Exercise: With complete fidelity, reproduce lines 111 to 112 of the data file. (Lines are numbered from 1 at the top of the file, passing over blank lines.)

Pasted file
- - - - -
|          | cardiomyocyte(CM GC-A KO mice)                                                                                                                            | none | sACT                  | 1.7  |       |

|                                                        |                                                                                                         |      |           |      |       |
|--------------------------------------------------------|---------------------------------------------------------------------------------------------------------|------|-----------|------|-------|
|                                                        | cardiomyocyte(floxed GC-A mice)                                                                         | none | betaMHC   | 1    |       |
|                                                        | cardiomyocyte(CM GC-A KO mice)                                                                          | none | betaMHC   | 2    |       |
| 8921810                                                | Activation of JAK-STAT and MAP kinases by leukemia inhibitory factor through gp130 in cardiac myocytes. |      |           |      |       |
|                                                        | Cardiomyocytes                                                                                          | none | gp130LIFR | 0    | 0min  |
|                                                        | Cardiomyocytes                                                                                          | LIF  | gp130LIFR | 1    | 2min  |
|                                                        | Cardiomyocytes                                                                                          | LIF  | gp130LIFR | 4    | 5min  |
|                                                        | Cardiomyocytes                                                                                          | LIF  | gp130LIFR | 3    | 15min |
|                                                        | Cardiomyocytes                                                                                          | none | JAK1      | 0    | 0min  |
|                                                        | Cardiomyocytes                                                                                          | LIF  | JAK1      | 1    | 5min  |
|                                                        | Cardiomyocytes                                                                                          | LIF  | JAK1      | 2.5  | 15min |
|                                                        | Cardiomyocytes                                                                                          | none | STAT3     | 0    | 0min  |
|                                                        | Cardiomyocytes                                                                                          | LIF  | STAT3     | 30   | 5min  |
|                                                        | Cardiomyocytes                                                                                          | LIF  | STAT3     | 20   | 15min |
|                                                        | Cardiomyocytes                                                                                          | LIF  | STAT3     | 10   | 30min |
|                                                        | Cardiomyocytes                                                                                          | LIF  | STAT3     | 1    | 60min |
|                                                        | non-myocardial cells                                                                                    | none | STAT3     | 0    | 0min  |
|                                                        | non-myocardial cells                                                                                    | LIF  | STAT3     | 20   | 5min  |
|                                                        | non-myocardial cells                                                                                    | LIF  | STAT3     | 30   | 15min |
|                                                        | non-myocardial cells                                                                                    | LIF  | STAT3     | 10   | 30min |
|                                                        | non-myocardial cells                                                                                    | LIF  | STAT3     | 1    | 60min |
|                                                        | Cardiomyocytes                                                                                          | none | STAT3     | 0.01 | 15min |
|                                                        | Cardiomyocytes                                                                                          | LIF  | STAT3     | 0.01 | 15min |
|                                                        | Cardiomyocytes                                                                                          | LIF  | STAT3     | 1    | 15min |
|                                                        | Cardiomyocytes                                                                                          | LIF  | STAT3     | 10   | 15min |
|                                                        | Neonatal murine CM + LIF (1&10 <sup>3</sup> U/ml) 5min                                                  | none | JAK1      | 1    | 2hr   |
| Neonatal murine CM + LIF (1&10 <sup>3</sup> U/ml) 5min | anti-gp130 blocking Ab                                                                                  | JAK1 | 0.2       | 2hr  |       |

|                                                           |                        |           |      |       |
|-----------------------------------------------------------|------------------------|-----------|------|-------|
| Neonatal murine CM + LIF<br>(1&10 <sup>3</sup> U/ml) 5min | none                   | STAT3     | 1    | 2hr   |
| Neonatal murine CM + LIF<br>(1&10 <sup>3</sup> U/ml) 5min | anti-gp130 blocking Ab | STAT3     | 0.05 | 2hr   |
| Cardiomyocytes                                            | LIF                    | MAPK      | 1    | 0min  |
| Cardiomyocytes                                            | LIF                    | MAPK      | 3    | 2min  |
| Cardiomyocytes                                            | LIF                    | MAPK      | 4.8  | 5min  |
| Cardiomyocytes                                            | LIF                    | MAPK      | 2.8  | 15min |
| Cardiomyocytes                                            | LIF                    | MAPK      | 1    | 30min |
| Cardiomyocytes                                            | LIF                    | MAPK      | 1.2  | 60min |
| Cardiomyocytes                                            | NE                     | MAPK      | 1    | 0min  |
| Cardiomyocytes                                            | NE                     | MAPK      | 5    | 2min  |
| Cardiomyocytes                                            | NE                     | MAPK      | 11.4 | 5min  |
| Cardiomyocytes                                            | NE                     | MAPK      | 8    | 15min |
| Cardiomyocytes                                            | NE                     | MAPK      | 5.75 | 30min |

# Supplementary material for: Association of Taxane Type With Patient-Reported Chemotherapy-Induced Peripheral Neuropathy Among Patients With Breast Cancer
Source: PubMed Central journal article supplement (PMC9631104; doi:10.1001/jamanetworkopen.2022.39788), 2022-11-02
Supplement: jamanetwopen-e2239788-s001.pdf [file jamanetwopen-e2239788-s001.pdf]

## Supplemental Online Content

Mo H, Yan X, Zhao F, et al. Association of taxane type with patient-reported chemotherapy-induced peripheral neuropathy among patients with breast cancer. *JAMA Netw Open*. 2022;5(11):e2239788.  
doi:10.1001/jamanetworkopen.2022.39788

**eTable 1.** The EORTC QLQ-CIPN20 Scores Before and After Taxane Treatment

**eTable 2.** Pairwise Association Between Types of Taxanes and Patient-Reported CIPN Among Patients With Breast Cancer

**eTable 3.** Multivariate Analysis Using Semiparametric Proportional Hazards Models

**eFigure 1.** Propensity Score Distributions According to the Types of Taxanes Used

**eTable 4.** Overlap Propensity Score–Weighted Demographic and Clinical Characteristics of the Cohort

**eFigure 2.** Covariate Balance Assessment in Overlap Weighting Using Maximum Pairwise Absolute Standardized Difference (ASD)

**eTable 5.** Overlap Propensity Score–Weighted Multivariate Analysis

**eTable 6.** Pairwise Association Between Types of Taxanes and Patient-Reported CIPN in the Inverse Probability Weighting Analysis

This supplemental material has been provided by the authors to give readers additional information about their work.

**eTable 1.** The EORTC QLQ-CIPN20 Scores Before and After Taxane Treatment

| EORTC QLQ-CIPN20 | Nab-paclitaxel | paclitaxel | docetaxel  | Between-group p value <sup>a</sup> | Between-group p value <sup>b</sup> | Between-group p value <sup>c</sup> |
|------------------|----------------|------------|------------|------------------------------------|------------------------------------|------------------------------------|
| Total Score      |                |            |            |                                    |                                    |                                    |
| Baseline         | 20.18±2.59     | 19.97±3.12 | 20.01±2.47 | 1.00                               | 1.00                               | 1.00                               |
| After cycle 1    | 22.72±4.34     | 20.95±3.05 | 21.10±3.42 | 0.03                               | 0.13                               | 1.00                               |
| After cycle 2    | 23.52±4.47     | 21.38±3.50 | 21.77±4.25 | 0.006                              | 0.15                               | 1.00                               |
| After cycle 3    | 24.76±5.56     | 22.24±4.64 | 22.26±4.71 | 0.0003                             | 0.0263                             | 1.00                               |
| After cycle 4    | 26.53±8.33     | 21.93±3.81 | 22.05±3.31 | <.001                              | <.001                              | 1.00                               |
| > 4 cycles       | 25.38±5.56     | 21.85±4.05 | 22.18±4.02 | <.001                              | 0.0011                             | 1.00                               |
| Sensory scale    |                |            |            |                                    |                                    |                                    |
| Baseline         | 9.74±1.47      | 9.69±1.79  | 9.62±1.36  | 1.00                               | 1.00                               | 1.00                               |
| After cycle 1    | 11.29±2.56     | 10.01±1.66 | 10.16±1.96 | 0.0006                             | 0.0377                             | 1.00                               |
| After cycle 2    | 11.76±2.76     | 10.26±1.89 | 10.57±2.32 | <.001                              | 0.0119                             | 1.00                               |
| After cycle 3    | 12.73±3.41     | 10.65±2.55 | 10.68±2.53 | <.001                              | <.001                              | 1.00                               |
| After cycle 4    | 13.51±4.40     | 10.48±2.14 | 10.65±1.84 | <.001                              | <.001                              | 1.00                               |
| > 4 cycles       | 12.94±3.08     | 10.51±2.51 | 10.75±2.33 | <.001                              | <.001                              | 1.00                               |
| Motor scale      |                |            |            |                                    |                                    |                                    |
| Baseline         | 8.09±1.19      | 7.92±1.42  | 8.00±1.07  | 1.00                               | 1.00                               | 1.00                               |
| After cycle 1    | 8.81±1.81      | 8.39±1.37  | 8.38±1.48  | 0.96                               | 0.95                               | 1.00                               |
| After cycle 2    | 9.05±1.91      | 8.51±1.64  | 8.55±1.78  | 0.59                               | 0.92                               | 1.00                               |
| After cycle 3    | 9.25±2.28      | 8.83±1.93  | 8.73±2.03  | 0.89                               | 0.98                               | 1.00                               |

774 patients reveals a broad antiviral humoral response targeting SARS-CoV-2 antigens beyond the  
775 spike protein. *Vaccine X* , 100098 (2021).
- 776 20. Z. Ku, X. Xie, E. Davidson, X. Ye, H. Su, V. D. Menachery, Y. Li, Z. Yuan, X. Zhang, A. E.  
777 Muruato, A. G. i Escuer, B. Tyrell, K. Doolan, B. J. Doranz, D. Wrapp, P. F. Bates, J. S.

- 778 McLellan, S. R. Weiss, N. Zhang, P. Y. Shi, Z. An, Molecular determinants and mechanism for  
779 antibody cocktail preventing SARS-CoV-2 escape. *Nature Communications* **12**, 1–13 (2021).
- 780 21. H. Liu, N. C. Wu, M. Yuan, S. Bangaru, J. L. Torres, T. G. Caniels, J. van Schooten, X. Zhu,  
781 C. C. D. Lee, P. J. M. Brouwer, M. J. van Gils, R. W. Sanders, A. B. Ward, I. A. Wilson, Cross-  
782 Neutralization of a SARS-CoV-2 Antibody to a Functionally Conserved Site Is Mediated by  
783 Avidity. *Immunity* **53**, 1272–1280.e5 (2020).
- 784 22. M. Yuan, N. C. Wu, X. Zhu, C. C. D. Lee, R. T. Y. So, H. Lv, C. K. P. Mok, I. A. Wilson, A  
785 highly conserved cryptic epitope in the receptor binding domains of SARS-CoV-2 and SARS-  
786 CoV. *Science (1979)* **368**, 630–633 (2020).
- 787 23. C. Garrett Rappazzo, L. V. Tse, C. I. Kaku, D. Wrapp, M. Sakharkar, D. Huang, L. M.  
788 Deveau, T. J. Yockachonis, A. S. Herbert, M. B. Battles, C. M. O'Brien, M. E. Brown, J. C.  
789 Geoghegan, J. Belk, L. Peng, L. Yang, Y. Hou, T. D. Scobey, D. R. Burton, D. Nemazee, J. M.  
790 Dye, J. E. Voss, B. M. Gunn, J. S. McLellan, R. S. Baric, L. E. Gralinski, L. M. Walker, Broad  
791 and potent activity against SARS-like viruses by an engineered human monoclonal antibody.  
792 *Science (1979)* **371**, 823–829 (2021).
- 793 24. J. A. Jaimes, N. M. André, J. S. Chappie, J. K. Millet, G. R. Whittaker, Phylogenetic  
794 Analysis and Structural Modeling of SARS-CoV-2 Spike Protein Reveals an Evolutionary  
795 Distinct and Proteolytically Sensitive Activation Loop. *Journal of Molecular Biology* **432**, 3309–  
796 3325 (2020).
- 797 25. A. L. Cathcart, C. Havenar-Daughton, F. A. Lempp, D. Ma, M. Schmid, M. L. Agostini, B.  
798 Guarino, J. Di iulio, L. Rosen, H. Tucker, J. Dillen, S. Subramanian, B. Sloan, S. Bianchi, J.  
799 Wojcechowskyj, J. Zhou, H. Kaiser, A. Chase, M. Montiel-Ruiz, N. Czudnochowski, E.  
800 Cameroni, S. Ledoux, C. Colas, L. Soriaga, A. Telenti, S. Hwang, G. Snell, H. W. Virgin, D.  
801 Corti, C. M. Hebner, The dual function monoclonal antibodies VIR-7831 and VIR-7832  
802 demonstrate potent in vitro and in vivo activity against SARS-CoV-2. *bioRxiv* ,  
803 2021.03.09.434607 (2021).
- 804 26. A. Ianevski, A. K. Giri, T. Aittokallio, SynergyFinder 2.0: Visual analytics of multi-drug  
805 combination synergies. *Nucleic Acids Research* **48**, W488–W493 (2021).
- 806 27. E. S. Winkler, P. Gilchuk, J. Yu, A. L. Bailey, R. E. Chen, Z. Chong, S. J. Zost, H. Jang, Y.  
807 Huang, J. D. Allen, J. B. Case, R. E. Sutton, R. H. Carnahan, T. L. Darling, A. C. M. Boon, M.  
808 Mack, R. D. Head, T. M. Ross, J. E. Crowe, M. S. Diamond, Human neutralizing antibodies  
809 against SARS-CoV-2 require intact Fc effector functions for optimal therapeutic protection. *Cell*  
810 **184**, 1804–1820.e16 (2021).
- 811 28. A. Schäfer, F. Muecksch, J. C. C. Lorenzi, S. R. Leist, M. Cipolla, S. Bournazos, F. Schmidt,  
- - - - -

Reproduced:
803 2021.03.09.434607 (2021).
- 804 26. A. Ianevski, A. K. Giri, T. Aittokallio, SynergyFinder 2.0: Visual analytics of multi-drug  